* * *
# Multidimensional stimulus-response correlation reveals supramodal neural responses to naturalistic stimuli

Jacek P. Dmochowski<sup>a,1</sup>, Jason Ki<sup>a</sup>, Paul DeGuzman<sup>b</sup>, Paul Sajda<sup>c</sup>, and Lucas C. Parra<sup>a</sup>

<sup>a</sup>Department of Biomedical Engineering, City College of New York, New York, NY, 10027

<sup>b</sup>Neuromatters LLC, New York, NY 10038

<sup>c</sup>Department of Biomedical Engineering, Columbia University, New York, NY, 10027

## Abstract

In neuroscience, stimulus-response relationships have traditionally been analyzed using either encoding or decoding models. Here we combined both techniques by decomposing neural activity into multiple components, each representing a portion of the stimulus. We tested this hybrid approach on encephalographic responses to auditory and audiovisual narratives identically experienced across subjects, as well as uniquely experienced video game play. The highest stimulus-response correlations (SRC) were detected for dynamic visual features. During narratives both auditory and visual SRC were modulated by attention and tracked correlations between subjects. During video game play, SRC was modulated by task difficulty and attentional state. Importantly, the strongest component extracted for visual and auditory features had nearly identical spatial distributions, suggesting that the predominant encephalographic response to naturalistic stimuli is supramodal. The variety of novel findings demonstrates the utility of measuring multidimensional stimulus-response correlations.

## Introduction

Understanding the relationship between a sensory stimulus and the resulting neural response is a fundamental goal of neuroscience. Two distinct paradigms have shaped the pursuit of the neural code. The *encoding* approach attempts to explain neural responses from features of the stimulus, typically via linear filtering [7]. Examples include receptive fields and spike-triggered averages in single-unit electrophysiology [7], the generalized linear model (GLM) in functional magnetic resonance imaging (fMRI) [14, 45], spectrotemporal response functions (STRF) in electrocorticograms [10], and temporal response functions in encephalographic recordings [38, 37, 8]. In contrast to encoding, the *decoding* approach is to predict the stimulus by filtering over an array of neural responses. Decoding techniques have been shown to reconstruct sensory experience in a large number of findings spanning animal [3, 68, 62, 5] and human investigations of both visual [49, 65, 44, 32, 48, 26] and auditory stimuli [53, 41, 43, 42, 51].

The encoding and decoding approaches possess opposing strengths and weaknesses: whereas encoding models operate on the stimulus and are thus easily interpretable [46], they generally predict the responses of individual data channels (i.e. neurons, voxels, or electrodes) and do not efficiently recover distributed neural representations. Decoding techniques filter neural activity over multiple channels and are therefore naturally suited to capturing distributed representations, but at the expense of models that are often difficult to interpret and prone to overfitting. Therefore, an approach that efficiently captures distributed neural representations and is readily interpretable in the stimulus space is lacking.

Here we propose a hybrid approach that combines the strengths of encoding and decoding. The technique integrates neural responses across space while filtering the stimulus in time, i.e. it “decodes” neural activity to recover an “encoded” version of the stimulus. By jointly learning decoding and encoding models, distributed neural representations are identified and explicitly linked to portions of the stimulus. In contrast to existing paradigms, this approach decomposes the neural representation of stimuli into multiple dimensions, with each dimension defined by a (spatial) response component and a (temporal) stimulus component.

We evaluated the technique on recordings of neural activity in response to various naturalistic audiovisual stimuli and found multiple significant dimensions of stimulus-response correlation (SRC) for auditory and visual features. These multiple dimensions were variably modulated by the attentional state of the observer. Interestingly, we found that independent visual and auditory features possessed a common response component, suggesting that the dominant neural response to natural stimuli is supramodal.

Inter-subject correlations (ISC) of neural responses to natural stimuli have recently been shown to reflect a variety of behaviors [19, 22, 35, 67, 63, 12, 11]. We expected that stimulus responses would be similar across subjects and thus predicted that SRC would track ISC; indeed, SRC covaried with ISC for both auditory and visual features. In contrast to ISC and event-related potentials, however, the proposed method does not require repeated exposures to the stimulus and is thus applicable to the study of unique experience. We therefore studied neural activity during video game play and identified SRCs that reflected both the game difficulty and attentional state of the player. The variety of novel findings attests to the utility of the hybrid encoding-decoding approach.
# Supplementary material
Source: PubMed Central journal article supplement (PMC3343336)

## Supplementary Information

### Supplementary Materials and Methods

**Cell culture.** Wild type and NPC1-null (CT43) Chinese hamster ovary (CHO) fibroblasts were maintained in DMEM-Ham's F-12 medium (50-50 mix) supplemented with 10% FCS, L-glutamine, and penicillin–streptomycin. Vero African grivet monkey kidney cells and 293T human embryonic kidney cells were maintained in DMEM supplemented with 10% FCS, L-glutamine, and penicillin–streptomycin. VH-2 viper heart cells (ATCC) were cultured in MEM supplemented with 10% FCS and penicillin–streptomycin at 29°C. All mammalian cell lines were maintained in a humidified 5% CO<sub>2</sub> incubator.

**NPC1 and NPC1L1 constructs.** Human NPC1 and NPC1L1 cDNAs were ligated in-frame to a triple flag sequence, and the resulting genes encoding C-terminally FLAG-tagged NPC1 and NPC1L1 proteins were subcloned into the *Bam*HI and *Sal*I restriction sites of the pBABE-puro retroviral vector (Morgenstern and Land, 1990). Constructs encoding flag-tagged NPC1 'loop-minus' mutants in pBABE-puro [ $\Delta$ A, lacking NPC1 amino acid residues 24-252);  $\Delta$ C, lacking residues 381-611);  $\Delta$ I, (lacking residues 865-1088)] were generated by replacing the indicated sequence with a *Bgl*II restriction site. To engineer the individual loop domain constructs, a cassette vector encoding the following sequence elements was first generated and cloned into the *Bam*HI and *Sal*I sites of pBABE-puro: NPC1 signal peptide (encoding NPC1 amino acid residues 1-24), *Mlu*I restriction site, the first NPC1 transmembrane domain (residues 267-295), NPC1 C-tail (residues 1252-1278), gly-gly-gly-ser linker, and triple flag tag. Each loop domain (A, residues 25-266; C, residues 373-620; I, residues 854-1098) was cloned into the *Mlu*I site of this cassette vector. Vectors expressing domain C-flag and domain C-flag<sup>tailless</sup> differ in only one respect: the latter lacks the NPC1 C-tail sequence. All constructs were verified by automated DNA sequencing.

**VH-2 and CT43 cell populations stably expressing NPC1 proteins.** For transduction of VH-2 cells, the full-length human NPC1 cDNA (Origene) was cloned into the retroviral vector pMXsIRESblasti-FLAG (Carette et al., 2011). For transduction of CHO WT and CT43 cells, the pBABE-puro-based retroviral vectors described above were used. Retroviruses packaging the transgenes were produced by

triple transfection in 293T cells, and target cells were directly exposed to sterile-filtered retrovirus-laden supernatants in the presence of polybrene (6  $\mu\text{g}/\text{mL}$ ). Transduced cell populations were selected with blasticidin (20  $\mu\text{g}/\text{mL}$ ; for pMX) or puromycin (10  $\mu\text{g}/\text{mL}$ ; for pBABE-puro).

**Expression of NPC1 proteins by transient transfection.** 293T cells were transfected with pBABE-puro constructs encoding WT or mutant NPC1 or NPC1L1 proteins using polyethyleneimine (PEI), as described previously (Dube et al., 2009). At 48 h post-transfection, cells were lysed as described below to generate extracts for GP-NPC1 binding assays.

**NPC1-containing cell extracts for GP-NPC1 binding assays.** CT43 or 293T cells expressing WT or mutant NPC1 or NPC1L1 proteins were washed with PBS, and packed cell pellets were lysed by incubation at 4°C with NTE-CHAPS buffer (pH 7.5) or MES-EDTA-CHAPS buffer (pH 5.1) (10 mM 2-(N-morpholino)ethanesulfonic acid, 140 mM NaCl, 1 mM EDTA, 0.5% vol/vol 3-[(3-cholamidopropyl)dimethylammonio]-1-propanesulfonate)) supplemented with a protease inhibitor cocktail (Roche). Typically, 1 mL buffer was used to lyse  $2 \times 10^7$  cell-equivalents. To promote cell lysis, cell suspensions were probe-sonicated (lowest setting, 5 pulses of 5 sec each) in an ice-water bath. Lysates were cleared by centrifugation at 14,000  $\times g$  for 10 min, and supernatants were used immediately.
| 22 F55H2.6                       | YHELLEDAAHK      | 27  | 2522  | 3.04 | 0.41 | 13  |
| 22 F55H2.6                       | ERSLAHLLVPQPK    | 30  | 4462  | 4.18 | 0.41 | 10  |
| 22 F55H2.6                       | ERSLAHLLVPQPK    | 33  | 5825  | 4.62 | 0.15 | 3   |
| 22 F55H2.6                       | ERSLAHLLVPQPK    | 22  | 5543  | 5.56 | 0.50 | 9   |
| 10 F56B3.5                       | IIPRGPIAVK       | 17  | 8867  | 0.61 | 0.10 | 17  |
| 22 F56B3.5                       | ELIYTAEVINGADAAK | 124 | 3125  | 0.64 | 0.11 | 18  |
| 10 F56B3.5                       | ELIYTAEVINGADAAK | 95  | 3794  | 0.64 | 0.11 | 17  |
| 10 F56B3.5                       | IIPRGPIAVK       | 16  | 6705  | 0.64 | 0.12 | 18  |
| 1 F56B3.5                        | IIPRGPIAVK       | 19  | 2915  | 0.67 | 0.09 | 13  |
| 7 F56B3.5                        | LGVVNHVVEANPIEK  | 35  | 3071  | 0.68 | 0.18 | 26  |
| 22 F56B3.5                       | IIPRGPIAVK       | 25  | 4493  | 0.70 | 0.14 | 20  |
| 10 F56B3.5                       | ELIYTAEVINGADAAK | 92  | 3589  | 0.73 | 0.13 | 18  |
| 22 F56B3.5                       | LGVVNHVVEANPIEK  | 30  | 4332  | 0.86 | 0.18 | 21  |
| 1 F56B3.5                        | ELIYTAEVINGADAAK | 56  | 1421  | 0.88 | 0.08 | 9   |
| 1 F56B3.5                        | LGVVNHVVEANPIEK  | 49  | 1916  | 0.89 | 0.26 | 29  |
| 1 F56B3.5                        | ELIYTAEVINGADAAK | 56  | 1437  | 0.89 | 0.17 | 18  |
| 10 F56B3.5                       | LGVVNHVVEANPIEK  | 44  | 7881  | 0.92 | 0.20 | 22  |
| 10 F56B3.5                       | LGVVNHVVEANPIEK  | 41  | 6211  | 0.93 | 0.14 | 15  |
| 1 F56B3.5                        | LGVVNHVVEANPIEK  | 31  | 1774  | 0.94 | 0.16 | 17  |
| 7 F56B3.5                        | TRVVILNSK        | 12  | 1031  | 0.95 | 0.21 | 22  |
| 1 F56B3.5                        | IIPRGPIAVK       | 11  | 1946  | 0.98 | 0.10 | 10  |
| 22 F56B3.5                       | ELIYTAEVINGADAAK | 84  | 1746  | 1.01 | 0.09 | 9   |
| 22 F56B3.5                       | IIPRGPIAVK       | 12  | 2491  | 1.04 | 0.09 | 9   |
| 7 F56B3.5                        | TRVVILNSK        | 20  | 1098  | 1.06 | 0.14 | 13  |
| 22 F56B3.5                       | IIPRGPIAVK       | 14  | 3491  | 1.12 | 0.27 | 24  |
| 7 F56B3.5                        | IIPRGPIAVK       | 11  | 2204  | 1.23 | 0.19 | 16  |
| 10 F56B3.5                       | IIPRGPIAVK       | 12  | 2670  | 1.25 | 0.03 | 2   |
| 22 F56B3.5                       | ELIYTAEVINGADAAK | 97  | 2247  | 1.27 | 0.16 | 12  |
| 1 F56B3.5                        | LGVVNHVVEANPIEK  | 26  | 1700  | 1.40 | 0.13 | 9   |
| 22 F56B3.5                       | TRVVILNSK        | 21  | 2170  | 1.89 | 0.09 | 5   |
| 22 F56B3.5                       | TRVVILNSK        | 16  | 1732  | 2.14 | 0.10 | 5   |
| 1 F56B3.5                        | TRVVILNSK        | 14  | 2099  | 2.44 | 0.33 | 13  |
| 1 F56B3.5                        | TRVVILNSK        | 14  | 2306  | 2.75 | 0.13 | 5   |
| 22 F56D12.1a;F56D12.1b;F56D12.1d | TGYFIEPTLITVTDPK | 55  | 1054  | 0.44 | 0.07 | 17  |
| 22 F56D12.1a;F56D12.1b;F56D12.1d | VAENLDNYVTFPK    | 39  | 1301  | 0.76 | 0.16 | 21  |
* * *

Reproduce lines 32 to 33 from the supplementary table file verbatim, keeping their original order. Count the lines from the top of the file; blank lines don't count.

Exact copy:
| 1 F56B3.5                        | IIPRGPIAVK       | 19  | 2915  | 0.67 | 0.09 | 13  |
| 7 F56B3.5                        | LGVVNHVVEANPIEK  | 35  | 3071  | 0.68 | 0.18 | 26  |